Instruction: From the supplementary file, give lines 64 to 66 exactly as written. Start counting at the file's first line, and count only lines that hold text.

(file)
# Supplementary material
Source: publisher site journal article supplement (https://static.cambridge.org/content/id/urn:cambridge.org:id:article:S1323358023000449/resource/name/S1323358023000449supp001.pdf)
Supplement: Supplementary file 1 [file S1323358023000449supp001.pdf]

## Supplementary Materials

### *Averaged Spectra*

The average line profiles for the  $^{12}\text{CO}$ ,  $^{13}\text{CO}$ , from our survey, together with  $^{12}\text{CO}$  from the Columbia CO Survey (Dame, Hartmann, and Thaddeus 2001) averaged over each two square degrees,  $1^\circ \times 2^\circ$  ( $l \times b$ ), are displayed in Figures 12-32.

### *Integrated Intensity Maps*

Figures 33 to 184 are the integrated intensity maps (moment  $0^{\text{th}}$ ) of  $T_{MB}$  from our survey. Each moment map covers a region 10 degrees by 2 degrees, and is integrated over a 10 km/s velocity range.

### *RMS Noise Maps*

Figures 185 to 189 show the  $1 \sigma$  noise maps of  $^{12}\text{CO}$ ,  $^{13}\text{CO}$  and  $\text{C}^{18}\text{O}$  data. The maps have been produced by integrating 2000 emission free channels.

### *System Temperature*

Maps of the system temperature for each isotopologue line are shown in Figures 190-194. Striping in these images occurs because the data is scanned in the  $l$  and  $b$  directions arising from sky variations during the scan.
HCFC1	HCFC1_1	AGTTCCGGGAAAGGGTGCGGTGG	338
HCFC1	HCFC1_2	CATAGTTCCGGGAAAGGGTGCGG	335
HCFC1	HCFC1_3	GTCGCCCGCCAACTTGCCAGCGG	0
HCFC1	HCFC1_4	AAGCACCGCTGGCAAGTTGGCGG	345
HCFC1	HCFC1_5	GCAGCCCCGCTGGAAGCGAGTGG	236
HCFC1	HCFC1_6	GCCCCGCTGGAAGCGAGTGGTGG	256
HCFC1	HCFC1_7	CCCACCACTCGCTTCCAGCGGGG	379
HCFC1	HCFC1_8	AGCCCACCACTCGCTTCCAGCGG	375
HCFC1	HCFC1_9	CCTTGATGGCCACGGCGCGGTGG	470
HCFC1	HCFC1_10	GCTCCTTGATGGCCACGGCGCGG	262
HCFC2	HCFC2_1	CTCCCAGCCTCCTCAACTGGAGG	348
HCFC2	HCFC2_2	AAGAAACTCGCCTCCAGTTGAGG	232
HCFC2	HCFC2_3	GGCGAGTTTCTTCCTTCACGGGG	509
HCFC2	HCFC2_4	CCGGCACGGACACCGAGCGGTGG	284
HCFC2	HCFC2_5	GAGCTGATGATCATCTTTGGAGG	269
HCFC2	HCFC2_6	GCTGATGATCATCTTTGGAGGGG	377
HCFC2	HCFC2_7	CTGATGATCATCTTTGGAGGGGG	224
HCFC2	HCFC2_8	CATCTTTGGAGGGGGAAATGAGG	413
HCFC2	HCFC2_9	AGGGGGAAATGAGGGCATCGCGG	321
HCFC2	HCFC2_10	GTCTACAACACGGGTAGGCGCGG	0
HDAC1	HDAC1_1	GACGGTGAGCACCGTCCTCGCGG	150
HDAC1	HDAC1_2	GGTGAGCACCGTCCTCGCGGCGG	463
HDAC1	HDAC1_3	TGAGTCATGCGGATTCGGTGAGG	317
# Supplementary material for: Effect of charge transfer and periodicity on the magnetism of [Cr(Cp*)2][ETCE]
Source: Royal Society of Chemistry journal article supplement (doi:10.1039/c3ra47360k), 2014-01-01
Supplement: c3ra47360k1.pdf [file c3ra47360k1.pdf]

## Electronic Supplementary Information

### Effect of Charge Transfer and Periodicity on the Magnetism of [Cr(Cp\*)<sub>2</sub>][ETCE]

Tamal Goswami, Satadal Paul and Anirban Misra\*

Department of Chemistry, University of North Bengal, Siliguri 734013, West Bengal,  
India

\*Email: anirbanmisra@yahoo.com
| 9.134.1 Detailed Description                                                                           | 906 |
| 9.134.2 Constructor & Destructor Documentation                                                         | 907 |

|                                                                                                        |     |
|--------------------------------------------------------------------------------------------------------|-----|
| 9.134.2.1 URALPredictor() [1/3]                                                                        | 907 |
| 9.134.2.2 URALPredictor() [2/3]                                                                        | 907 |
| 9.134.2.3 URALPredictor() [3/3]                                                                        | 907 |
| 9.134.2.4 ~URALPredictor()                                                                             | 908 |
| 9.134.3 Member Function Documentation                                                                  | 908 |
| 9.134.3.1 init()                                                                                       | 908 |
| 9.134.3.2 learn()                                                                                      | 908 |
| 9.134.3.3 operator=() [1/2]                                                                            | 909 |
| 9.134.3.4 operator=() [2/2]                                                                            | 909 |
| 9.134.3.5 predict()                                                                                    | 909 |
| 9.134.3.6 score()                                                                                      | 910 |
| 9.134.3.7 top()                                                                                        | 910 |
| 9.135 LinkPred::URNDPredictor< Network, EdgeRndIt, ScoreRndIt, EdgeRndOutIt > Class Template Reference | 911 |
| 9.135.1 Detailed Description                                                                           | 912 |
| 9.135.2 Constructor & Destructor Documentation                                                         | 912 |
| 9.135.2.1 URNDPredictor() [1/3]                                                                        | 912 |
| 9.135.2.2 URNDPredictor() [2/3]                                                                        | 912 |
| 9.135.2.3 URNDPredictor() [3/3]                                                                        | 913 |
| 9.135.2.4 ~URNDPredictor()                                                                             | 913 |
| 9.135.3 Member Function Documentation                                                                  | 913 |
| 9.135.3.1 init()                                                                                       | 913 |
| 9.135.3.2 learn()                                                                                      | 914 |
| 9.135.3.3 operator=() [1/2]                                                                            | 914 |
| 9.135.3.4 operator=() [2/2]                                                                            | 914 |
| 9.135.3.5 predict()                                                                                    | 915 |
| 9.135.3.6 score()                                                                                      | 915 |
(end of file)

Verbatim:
| 9.135.2.1 URNDPredictor() [1/3]                                                                        | 912 |
| 9.135.2.2 URNDPredictor() [2/3]                                                                        | 912 |
| 9.135.2.3 URNDPredictor() [3/3]                                                                        | 913 |